Long Beach to consider lowering certain cannabis-business taxes

Reducing taxes would likely diminish city revenues but may increase jobs.

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Long Beach to consider lowering certain cannabis-business taxes

The Long Beach City Council will consider lowering the tax rate for some cannabis businesses at its Dec. 3 meeting.

The Long Beach City Council will consider lowering the tax rate for some cannabis businesses at its Dec. 3 meeting.

Courtesy California Cannabis CPA

The Long Beach City Council will consider lowering the tax rate for some cannabis businesses at its Dec. 3 meeting.

Courtesy California Cannabis CPA

Courtesy California Cannabis CPA

The Long Beach City Council will consider lowering the tax rate for some cannabis businesses at its Dec. 3 meeting.

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At its upcoming meeting Tuesday, the Long Beach City Council will consider the fiscal and jobs effects of reducing tax rates for some of the city’s cannabis businesses.

The council had requested back in July for city staff to analyze the effects of reducing taxes for manufacturers, distributors and testers of cannabis products, examining different scenarios based on tax rates of 1%, 2% and 3%.

Tom Modica, acting city manager, stated in a memo to the council dated for Dec. 3 that cannabis tax-rates can range from 0% to 12% by law, as approved by Long Beach voters, and currently range from 6% to 8%.

The study excludes cannabis retailers because such businesses are relatively over-represented in the city, projected to account for 71% of city revenues in 2020, or about $3.2 million, Modica notes. Companies that manufacture, test or distribute cannabis products are projected to account for only 11% of city revenue in 2020 with cultivators contributing the remaining 18%.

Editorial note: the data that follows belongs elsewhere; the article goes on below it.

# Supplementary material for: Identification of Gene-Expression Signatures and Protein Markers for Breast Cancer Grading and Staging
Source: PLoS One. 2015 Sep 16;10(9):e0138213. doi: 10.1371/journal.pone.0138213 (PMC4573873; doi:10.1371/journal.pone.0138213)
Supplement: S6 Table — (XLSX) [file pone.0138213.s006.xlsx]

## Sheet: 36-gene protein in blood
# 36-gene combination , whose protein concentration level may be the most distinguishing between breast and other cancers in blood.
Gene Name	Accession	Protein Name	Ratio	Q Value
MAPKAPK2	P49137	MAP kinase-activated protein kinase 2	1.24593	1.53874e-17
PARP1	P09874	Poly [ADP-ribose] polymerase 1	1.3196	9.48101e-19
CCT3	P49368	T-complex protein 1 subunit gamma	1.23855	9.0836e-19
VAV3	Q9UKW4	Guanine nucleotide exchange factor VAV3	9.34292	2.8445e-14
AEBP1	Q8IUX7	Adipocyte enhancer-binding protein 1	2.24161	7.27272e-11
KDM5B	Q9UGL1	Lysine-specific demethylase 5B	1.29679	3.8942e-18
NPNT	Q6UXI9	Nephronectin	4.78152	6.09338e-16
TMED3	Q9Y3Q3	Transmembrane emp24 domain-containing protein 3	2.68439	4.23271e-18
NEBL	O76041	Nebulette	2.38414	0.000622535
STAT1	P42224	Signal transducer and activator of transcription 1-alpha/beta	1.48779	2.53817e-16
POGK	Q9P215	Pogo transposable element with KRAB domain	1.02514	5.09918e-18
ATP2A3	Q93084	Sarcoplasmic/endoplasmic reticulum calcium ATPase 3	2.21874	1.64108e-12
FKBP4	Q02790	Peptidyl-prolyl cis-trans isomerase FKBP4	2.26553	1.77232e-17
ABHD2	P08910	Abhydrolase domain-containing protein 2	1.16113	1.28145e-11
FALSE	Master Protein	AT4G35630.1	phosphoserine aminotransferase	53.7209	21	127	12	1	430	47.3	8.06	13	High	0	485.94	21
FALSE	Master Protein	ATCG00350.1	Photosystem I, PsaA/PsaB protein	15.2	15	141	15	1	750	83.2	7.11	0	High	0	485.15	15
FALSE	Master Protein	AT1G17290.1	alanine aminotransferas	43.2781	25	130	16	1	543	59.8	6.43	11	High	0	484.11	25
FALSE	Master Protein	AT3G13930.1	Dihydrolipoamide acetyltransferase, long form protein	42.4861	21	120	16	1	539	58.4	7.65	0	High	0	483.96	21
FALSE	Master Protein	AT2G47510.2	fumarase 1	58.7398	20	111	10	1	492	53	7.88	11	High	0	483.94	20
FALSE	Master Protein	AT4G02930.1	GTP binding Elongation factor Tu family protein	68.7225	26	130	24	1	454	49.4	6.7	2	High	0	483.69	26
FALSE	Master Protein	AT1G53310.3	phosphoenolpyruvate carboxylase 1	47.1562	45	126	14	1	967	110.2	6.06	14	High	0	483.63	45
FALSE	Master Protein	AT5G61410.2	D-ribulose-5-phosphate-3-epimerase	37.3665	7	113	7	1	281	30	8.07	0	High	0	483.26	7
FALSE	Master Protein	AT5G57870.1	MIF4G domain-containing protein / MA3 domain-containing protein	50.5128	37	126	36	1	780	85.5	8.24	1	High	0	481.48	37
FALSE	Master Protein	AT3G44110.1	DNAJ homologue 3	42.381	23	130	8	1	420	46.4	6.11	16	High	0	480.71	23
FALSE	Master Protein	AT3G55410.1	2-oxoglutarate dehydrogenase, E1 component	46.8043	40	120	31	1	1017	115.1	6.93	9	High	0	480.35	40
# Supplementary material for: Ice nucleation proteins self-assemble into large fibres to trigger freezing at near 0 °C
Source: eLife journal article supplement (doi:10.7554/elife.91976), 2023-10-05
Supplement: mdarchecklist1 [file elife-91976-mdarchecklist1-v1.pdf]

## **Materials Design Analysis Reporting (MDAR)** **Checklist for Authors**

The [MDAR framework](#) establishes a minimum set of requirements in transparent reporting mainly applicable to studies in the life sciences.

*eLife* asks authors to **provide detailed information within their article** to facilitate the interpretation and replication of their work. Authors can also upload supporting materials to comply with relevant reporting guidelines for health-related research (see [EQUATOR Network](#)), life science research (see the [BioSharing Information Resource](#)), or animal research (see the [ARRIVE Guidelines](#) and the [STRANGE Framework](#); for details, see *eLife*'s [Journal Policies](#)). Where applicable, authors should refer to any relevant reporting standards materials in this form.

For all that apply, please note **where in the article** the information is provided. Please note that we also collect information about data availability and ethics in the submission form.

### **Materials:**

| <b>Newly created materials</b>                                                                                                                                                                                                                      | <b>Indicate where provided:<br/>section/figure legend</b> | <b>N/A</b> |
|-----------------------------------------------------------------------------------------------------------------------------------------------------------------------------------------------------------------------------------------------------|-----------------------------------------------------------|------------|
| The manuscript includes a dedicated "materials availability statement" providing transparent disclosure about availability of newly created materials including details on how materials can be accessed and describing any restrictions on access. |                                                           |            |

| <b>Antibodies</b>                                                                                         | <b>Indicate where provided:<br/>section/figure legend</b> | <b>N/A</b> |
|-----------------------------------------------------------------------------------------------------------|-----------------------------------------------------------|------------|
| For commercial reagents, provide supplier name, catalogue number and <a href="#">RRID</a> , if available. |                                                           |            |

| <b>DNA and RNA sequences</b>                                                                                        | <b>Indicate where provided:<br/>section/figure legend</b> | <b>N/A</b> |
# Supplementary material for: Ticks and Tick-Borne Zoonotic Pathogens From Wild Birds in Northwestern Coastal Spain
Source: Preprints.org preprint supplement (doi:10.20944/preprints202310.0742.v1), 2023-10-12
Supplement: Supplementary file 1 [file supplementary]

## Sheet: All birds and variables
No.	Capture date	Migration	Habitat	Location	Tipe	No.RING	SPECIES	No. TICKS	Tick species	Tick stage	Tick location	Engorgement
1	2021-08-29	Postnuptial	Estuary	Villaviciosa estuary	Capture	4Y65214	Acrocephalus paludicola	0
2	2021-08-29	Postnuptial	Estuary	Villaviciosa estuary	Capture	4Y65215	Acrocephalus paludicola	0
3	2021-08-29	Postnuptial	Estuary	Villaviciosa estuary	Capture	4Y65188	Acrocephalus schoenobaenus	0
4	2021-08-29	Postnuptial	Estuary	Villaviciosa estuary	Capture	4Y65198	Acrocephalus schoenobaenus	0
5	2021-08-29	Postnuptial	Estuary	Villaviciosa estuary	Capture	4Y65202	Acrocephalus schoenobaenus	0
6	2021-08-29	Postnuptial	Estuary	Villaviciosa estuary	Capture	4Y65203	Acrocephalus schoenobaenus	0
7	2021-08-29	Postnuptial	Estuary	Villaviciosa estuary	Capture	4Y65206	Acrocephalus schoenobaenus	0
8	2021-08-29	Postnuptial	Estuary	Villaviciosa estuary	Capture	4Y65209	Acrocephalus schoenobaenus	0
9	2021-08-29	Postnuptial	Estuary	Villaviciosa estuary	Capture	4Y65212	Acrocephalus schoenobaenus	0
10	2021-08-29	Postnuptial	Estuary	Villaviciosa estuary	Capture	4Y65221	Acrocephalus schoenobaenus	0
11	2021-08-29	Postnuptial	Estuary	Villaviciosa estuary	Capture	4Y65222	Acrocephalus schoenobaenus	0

“In theory, reducing rates for manufacturers, distributors and testing laboratories will make Long Beach a more competitive destination for cannabis businesses, resulting in increased business locations within the city,” Modica states. “However, local tax rates are only one of many variables that businesses consider when determining where to locate. As a result, it is unclear the extent to which businesses may respond to reduced rates by increasing investment locally.”

Modica also shows that the City will still experience revenue losses based on the lower tax rates under consideration, even though reducing taxes may result in higher growth of licensed businesses.

The City currently projects a tax-revenue loss from this segment of the cannabis industry of about $223,000 at the current 6% tax rate. A “low” growth-rate of five new business licenses, for a total of 57 total new licenses, would still result in a revenue loss of about $210,000 with a 3% tax rate, Modica notes. The only projection that results in a relatively small increase of about $4,500 in revenue at the 3%-tax rate is a “high-growth” scenario of 50 additional licenses.

“In nearly every scenario, the General Fund continues to project a net-revenue loss from a reduction in cannabis tax-rates,” Modica states. “Given the slow pace of cannabis business openings, […] staff projects that reducing cannabis business license tax rates will result in an FY-20 General-Fund revenue loss of between $220,000 and $350,000, depending upon the rate selected.”

However, the jobs effect of reducing the tax rate seems to be positive as the number of businesses would grow, Modica suggests. Based on online-survey data collected by a city-hired consultant, city staff projects an increase in the number of jobs if taxes were to decrease and more businesses open.

The “low-growth” scenario of five new businesses would result in 35 more new jobs than the 422 already projected under the current tax rate, for a total of 457. A “high-growth” scenario would result in a total of 811 new jobs, according to the staff report.

Overall, Modica suggests that the council will have to weigh potentially higher revenue losses impacting the city’s General Fund against the hope of new jobs created by lowering taxes for cannabis manufacturers, testers and distributors.

He further notes that while the City’s 2020 fiscal-year budget is balanced, it is projecting deficits in 2021 and 2022.

“However, if the intent is to increase employment in this sector of the city’s economy,” Modica notes, “it is a policy call for the City Council as to whether the increase in potential employment has a higher priority than the loss of revenue.”

The Long Beach City Council will convene at 5pm on Tuesday, Dec. 3 in the Civic Chambers at 411 W. Ocean Blvd.